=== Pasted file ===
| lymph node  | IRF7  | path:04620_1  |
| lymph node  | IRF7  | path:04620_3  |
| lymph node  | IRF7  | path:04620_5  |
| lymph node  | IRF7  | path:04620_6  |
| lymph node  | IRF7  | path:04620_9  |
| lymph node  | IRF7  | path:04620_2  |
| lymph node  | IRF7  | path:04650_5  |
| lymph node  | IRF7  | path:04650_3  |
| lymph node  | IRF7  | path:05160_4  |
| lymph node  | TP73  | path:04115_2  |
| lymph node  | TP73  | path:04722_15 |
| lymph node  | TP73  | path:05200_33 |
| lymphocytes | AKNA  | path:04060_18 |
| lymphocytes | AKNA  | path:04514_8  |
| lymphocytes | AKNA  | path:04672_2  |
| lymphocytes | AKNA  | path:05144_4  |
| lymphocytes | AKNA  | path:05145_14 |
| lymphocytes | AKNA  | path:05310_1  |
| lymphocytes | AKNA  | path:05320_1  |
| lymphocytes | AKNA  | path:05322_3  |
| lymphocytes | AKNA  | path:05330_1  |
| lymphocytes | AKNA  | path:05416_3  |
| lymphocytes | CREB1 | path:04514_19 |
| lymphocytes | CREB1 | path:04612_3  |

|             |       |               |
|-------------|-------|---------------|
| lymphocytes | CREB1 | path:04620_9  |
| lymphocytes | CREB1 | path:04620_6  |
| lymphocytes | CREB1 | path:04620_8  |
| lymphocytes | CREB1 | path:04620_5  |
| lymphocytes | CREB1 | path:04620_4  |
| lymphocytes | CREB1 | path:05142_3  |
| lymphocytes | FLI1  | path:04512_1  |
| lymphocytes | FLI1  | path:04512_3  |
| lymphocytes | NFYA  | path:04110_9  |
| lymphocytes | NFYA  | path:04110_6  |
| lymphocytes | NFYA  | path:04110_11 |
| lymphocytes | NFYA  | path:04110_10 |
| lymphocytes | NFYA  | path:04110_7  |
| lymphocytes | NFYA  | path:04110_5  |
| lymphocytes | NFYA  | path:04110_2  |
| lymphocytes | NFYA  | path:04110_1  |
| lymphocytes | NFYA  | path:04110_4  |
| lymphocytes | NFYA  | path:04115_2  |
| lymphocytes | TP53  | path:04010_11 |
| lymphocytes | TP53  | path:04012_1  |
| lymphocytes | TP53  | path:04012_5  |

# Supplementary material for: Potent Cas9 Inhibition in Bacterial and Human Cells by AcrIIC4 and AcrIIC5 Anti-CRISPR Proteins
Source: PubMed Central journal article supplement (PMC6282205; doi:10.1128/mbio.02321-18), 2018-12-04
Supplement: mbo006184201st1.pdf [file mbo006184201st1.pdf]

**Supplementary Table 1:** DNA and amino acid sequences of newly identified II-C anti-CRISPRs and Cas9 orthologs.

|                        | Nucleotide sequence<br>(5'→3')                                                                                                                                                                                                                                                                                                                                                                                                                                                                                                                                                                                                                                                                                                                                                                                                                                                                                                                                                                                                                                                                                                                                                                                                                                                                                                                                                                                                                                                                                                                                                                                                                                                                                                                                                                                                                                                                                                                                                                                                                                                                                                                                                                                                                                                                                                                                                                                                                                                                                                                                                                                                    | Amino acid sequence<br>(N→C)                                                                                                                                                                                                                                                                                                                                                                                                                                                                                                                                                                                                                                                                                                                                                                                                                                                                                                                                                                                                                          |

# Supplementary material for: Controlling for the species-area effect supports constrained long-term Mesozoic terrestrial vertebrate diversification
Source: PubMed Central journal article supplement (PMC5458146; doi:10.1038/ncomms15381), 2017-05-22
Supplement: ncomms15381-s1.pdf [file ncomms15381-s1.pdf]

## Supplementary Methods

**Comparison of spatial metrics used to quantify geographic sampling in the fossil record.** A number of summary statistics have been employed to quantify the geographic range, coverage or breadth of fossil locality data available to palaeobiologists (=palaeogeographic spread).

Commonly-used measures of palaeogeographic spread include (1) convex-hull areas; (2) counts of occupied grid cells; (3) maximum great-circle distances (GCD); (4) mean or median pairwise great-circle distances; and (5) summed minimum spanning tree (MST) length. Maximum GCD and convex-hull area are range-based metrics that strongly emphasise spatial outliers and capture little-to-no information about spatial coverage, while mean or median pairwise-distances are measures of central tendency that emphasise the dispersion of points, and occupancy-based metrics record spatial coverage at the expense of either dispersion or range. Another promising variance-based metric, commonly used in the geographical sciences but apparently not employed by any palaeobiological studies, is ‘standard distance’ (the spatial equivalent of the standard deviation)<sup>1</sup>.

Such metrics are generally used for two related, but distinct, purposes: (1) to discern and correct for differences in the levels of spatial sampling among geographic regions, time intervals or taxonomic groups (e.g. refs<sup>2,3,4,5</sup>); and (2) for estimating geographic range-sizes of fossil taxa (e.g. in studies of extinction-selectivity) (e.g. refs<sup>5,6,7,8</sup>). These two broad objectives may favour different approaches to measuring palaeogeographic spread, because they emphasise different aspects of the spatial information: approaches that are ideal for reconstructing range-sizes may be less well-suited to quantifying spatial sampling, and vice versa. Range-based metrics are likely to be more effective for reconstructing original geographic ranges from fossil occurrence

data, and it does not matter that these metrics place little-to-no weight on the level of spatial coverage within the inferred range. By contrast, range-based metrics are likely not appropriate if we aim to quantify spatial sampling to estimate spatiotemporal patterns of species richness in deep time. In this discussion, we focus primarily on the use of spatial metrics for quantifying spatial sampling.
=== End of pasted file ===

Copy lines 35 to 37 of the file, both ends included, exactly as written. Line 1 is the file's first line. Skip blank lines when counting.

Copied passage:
| lymphocytes | NFYA  | path:04110_9  |
| lymphocytes | NFYA  | path:04110_6  |
| lymphocytes | NFYA  | path:04110_11 |